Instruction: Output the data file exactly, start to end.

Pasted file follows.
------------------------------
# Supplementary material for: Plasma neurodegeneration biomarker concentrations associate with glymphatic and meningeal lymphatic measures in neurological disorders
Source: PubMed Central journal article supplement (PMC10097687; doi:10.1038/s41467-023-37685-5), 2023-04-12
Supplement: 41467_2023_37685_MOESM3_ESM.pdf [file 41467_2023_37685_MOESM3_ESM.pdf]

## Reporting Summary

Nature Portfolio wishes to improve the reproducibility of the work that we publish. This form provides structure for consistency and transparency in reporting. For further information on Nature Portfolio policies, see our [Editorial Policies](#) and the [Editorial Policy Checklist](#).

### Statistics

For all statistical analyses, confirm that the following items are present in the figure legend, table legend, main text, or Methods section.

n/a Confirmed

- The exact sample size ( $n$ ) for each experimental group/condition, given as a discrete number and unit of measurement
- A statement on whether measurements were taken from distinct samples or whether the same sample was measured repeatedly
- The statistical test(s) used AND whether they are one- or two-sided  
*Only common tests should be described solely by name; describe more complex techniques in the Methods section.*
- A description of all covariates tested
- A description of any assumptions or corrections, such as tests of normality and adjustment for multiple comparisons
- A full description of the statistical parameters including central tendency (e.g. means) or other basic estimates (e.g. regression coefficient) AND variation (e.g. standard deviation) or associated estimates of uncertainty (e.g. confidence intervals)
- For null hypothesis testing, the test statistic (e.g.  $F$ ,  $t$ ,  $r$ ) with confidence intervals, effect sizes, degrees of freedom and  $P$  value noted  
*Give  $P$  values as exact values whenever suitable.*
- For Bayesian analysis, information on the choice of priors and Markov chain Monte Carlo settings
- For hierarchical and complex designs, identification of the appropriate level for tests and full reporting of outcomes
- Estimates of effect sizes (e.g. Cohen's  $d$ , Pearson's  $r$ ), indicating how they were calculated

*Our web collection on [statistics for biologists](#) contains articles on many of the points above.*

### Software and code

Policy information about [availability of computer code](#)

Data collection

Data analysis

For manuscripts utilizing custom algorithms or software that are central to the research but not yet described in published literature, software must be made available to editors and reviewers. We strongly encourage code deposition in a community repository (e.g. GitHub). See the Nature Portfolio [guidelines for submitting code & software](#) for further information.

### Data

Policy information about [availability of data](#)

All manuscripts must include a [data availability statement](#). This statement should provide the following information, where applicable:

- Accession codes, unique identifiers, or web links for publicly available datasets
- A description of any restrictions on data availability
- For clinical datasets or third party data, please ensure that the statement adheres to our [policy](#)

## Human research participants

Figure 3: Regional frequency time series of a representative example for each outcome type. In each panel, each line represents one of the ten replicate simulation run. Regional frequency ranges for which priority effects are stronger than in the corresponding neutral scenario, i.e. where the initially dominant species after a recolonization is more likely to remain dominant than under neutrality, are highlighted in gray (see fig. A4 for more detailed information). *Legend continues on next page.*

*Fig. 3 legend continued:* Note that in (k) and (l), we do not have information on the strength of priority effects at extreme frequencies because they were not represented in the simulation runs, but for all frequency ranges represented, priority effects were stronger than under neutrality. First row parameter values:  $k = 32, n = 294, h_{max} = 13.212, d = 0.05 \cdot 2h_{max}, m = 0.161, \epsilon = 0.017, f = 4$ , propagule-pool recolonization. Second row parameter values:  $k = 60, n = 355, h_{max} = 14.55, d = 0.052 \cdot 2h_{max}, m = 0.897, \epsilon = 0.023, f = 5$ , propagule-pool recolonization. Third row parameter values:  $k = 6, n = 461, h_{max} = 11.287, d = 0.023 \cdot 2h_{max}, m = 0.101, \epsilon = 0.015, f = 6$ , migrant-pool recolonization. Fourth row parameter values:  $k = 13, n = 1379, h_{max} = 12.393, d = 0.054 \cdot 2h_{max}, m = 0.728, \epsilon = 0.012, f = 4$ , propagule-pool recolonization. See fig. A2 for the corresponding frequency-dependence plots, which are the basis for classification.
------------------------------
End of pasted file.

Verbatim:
# Supplementary material for: Plasma neurodegeneration biomarker concentrations associate with glymphatic and meningeal lymphatic measures in neurological disorders
Source: PubMed Central journal article supplement (PMC10097687; doi:10.1038/s41467-023-37685-5), 2023-04-12
Supplement: 41467_2023_37685_MOESM3_ESM.pdf [file 41467_2023_37685_MOESM3_ESM.pdf]

## Reporting Summary

Nature Portfolio wishes to improve the reproducibility of the work that we publish. This form provides structure for consistency and transparency in reporting. For further information on Nature Portfolio policies, see our [Editorial Policies](#) and the [Editorial Policy Checklist](#).

### Statistics

For all statistical analyses, confirm that the following items are present in the figure legend, table legend, main text, or Methods section.

n/a Confirmed

- The exact sample size ( $n$ ) for each experimental group/condition, given as a discrete number and unit of measurement
- A statement on whether measurements were taken from distinct samples or whether the same sample was measured repeatedly
- The statistical test(s) used AND whether they are one- or two-sided  
*Only common tests should be described solely by name; describe more complex techniques in the Methods section.*
- A description of all covariates tested
- A description of any assumptions or corrections, such as tests of normality and adjustment for multiple comparisons
- A full description of the statistical parameters including central tendency (e.g. means) or other basic estimates (e.g. regression coefficient) AND variation (e.g. standard deviation) or associated estimates of uncertainty (e.g. confidence intervals)
- For null hypothesis testing, the test statistic (e.g.  $F$ ,  $t$ ,  $r$ ) with confidence intervals, effect sizes, degrees of freedom and  $P$  value noted  
*Give  $P$  values as exact values whenever suitable.*
- For Bayesian analysis, information on the choice of priors and Markov chain Monte Carlo settings
- For hierarchical and complex designs, identification of the appropriate level for tests and full reporting of outcomes
- Estimates of effect sizes (e.g. Cohen's  $d$ , Pearson's  $r$ ), indicating how they were calculated

*Our web collection on [statistics for biologists](#) contains articles on many of the points above.*

### Software and code

Policy information about [availability of computer code](#)

Data collection

Data analysis

For manuscripts utilizing custom algorithms or software that are central to the research but not yet described in published literature, software must be made available to editors and reviewers. We strongly encourage code deposition in a community repository (e.g. GitHub). See the Nature Portfolio [guidelines for submitting code & software](#) for further information.

### Data

Policy information about [availability of data](#)

All manuscripts must include a [data availability statement](#). This statement should provide the following information, where applicable:

- Accession codes, unique identifiers, or web links for publicly available datasets
- A description of any restrictions on data availability
- For clinical datasets or third party data, please ensure that the statement adheres to our [policy](#)

## Human research participants

Figure 3: Regional frequency time series of a representative example for each outcome type. In each panel, each line represents one of the ten replicate simulation run. Regional frequency ranges for which priority effects are stronger than in the corresponding neutral scenario, i.e. where the initially dominant species after a recolonization is more likely to remain dominant than under neutrality, are highlighted in gray (see fig. A4 for more detailed information). *Legend continues on next page.*

*Fig. 3 legend continued:* Note that in (k) and (l), we do not have information on the strength of priority effects at extreme frequencies because they were not represented in the simulation runs, but for all frequency ranges represented, priority effects were stronger than under neutrality. First row parameter values:  $k = 32, n = 294, h_{max} = 13.212, d = 0.05 \cdot 2h_{max}, m = 0.161, \epsilon = 0.017, f = 4$ , propagule-pool recolonization. Second row parameter values:  $k = 60, n = 355, h_{max} = 14.55, d = 0.052 \cdot 2h_{max}, m = 0.897, \epsilon = 0.023, f = 5$ , propagule-pool recolonization. Third row parameter values:  $k = 6, n = 461, h_{max} = 11.287, d = 0.023 \cdot 2h_{max}, m = 0.101, \epsilon = 0.015, f = 6$ , migrant-pool recolonization. Fourth row parameter values:  $k = 13, n = 1379, h_{max} = 12.393, d = 0.054 \cdot 2h_{max}, m = 0.728, \epsilon = 0.012, f = 4$ , propagule-pool recolonization. See fig. A2 for the corresponding frequency-dependence plots, which are the basis for classification.